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September 29, 2011

Third Party Data Woes

In this post, Bee talks about taking precautionary steps when using third party data…

Bee Thao

No, this isn’t third party dating woes; however, this does pertain to relationships. One of the cool things you can do on a website is to integrate information from other sites. You can embed YouTube ® videos on your site, pull in your blog posts from Blogger, or allow your visitors to register for your MailChimp e-newsletter right from your website. Majors services like Facebook, Twitter, YouTube® all have their own data feed or application programming interface (API) that you can use to integrate their data seamlessly on your website.
This definitely allows for a more interactive, interesting and content- rich site. What happens though, if one of those services no longer work or is offline for some reason? Depending on how you’re integrating the data, it may or may not affect how your website is functioning.
I’ve had three incidents this year in which using third party data caused sites using them to go down. In one incident, I was scraping the data. Basically, retrieving the HTML off the site and plopping into the site what I needed. When that source site suddenly went offline, it also took down the site. In the last two incidents, two very popular services, Blogger and Vimeo went offline for a short while and also took down sites using their data feeds.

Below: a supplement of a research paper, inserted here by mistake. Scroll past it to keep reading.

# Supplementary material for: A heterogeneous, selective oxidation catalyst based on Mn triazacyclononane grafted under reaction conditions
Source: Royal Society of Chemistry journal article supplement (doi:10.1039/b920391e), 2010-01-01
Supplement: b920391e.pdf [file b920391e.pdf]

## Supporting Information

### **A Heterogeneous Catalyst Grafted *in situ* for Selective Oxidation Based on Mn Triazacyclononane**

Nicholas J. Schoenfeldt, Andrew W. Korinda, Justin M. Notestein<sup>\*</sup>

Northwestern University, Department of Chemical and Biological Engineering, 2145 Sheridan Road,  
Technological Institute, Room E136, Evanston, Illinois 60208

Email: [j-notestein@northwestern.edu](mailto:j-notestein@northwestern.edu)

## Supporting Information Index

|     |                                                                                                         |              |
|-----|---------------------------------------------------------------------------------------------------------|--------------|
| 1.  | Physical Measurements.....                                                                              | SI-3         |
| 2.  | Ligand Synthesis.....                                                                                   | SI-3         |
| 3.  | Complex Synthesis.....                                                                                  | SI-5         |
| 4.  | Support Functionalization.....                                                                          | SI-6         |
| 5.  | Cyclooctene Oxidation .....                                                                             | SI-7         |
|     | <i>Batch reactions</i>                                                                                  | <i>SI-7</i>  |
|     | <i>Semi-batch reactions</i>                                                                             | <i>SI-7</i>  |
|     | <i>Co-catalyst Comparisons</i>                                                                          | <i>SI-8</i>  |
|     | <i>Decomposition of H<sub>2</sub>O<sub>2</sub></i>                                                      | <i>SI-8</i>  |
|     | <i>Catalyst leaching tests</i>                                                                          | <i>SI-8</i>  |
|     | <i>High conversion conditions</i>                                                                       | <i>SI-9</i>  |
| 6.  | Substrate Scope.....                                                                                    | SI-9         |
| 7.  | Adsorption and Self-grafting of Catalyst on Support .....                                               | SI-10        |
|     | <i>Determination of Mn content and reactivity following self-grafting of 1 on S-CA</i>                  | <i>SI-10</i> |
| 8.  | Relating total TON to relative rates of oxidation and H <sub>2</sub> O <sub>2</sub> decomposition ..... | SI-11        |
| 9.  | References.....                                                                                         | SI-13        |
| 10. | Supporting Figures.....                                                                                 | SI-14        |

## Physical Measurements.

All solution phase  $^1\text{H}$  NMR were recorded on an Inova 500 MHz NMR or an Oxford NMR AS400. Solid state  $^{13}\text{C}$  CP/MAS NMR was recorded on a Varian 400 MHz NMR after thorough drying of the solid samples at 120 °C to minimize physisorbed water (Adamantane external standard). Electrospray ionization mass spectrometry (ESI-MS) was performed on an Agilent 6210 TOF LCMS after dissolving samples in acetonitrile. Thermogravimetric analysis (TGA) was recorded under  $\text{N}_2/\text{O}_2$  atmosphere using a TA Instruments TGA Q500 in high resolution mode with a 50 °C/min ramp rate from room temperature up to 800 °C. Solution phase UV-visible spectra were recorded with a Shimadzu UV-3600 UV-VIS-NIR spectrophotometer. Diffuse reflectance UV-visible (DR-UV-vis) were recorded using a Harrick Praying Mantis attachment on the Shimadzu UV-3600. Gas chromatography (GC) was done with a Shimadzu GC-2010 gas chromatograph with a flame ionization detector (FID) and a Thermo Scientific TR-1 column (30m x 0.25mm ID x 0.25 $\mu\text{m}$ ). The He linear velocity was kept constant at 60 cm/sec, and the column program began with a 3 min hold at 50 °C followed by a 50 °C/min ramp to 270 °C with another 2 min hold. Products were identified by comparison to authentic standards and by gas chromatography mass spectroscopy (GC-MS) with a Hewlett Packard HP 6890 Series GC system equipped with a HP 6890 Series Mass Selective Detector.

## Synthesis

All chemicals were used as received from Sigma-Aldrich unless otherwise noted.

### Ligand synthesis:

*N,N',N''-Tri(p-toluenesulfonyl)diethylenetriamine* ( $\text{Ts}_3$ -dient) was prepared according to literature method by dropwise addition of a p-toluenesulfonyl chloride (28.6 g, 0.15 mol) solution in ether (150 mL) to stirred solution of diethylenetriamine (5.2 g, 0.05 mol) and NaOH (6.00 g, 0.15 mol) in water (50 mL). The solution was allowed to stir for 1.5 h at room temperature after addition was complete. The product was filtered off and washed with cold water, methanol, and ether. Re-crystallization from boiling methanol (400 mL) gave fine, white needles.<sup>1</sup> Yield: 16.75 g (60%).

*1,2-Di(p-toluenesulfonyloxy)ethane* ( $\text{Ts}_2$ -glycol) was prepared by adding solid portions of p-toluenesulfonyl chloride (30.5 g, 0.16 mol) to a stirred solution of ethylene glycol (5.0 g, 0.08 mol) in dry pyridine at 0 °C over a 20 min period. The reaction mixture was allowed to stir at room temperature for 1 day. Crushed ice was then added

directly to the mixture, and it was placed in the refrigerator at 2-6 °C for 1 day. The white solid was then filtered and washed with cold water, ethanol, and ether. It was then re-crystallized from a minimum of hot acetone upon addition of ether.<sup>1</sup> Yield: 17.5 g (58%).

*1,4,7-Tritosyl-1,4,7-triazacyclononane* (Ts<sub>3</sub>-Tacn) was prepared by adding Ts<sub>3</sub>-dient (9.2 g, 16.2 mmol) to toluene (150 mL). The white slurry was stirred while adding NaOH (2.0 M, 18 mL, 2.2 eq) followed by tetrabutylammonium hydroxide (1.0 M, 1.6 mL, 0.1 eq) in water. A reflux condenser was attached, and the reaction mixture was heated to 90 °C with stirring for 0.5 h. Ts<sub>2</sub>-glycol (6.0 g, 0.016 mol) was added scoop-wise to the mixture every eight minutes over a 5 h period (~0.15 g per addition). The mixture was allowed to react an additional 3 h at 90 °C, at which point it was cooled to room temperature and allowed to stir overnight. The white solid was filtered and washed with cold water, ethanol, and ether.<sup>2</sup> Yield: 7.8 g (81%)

These are relationships that work when they’re all online, but can cause distress when they go offline. A lesson I learned from these incidents is that you shouldn’t always count on third-party sites to be online all the time, even if they are popular. An alternative should be in place in case it does occur.
There are some precautions you can take to make sure that your relationship with third-party data isn’t going to affect your site when they no longer work. In the first incident, I wrote a script to make a backup of the current data feed each day so that there is always a fresh copy on the server. When the source site is inaccessible, the backup is used. For Vimeo, I created a ‘temporarily unavailable’ image that is displayed when it is detected that Vimeo’s feed is down. That way a user will know there are some technical issues at the moment.
Although working with third-party data is a great way to expand and enrich your site, you should be aware of and plan for outages. If you’ve experienced any of these issues, I’d love to hear your stories and solutions.